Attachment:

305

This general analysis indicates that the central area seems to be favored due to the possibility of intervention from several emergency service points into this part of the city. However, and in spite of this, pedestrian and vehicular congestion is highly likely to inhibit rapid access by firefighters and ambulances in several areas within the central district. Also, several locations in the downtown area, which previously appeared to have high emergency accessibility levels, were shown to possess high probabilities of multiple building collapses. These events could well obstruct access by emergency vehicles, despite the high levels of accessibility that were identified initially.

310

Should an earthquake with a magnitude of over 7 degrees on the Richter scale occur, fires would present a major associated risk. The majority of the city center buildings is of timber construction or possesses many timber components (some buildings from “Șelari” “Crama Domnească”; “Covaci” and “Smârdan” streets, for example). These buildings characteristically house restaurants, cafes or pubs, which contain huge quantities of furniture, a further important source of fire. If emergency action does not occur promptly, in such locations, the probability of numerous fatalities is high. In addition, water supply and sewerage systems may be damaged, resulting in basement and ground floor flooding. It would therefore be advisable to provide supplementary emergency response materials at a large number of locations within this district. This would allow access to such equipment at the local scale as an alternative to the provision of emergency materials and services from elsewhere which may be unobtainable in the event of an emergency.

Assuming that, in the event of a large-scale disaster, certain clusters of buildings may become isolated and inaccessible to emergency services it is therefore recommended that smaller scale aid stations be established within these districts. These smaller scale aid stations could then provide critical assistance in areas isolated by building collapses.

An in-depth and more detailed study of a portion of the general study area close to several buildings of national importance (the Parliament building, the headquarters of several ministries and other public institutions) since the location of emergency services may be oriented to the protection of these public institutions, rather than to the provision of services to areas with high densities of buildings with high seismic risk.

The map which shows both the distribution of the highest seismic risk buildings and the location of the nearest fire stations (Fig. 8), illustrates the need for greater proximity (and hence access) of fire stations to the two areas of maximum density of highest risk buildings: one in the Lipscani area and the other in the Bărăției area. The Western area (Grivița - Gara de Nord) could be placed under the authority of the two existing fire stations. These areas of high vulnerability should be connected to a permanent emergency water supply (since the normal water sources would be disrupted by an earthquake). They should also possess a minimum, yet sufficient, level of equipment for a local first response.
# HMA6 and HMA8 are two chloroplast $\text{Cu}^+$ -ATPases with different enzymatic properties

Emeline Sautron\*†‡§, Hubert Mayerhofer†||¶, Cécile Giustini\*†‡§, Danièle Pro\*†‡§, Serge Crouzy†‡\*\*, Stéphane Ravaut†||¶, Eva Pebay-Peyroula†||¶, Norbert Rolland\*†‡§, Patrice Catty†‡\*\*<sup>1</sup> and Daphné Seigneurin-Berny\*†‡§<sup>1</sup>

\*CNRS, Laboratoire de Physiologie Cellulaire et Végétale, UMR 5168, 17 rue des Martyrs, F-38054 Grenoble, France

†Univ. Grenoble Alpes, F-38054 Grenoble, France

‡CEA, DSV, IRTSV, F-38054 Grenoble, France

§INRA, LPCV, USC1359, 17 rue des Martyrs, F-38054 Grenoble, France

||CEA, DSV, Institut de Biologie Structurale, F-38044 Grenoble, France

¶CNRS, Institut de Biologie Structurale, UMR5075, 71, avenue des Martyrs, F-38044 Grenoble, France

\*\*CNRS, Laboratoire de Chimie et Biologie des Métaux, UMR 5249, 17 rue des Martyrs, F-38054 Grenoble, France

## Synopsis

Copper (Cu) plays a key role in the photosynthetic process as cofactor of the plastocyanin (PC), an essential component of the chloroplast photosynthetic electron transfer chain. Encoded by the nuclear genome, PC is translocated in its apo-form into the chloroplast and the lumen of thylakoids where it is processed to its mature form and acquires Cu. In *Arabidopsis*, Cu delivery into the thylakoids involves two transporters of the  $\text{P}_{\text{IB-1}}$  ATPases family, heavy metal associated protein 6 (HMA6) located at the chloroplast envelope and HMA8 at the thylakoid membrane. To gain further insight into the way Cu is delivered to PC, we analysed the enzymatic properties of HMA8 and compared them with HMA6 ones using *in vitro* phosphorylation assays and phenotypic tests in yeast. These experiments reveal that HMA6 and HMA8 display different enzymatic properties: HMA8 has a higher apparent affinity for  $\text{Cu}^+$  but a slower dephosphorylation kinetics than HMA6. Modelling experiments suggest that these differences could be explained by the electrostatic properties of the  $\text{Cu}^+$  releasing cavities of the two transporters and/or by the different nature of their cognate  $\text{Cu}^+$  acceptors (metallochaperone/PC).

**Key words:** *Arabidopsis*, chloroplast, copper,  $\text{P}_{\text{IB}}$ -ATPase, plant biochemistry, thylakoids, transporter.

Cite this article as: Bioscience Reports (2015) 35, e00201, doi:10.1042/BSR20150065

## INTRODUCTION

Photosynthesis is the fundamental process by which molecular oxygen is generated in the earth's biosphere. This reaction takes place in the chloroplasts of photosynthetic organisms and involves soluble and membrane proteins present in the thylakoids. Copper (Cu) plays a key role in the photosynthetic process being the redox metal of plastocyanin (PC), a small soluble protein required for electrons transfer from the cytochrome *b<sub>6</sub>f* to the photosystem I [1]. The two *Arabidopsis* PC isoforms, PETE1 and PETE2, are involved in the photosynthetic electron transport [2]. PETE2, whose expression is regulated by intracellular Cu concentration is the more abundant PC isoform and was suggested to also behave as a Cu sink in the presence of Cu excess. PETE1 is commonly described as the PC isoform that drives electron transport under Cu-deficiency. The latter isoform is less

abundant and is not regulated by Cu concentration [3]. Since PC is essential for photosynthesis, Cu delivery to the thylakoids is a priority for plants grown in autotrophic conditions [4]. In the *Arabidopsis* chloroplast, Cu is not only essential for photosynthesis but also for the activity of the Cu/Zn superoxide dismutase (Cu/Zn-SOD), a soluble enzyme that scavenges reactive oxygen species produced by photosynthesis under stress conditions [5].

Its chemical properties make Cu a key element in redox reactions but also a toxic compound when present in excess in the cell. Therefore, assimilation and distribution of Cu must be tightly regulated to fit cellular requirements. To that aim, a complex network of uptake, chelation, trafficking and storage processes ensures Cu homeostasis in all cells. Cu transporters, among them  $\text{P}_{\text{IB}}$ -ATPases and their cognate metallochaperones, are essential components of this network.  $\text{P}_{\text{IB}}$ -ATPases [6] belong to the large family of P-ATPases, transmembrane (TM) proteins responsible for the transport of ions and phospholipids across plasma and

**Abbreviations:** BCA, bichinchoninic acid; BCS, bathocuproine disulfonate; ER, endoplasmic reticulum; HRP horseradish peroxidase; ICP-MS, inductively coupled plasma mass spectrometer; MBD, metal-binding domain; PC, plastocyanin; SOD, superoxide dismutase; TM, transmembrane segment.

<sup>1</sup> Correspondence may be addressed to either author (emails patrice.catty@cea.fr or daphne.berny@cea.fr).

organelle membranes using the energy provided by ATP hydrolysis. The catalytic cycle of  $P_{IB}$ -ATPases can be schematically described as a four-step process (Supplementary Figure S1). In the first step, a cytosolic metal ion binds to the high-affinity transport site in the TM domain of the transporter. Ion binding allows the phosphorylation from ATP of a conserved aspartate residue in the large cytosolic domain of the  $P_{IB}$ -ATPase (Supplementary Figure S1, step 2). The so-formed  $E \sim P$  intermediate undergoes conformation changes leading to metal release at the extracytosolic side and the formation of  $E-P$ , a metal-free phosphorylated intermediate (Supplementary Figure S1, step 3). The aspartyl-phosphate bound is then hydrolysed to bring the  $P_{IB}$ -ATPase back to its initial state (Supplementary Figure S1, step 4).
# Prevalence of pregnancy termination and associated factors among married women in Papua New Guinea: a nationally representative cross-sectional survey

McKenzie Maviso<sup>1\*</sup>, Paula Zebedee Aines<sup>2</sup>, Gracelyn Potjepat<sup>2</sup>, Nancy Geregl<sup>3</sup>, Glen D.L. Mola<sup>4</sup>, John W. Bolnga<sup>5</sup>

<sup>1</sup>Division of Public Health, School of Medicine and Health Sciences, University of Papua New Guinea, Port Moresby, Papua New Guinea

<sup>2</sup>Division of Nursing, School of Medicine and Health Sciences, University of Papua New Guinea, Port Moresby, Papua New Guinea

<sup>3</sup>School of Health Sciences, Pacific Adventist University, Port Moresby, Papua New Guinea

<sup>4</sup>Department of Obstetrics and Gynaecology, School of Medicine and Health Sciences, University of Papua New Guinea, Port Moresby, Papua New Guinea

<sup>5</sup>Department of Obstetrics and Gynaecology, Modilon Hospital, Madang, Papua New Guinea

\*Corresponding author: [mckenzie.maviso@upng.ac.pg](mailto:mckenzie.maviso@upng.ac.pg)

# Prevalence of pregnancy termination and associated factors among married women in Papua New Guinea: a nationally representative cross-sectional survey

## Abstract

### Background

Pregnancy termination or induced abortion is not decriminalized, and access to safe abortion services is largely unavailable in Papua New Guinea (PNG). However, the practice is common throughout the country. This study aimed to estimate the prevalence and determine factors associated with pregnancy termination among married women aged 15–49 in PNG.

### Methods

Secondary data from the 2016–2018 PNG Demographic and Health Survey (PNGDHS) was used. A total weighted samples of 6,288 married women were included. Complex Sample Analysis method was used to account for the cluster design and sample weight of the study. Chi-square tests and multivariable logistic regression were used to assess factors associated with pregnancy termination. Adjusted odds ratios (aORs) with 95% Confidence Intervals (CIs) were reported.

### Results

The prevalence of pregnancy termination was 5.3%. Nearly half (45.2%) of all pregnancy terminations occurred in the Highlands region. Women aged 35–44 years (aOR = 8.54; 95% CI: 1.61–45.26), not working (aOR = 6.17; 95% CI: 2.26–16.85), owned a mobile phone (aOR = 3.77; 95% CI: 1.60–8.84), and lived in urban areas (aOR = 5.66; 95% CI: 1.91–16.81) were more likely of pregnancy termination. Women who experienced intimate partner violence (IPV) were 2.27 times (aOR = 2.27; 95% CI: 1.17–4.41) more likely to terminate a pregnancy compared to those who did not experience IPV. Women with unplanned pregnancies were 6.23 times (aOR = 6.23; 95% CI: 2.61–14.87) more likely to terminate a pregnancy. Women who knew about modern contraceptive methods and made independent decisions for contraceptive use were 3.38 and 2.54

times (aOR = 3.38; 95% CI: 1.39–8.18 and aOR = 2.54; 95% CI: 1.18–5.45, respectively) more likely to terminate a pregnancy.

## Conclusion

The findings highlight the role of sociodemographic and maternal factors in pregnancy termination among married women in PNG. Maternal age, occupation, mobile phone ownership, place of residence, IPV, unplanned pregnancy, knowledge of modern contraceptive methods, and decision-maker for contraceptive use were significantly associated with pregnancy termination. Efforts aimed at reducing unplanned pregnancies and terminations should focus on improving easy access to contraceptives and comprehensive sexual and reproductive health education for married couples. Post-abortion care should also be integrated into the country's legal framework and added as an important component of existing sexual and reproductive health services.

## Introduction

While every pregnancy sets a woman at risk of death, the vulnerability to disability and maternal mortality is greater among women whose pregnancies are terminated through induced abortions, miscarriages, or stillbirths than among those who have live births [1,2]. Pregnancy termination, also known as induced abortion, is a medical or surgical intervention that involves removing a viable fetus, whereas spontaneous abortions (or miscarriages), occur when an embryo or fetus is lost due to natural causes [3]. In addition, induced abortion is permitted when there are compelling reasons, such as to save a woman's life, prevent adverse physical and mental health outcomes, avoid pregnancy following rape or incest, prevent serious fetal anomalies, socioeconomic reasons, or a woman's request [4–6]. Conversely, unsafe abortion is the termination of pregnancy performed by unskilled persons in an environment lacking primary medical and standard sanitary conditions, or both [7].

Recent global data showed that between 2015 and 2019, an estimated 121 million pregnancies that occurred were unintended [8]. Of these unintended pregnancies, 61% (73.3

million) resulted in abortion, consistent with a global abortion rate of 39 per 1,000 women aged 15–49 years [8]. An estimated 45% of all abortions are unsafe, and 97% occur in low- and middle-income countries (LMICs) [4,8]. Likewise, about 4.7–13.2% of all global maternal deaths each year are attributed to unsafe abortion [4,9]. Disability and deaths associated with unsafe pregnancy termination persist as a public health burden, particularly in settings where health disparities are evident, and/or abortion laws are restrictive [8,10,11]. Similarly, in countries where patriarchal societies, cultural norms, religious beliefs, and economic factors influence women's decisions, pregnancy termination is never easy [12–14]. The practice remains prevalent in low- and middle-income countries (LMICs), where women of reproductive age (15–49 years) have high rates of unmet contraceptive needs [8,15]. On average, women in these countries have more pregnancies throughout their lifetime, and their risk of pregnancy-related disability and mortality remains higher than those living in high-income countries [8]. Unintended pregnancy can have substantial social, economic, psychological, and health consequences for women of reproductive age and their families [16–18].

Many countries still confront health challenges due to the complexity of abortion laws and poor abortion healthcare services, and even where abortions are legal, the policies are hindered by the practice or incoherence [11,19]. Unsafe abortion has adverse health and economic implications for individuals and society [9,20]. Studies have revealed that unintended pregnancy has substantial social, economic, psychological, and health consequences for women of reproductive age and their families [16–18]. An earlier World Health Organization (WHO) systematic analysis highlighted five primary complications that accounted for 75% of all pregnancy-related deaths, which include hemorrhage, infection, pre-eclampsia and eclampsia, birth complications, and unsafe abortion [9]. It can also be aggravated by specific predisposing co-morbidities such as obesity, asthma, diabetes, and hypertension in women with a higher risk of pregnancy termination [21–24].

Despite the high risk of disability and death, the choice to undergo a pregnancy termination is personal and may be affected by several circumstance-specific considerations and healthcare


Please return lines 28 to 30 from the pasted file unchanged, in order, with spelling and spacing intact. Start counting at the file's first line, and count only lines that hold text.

# Prevalence of pregnancy termination and associated factors among married women in Papua New Guinea: a nationally representative cross-sectional survey

McKenzie Maviso<sup>1\*</sup>, Paula Zebedee Aines<sup>2</sup>, Gracelyn Potjepat<sup>2</sup>, Nancy Geregl<sup>3</sup>, Glen D.L. Mola<sup>4</sup>, John W. Bolnga<sup>5</sup>

<sup>1</sup>Division of Public Health, School of Medicine and Health Sciences, University of Papua New Guinea, Port Moresby, Papua New Guinea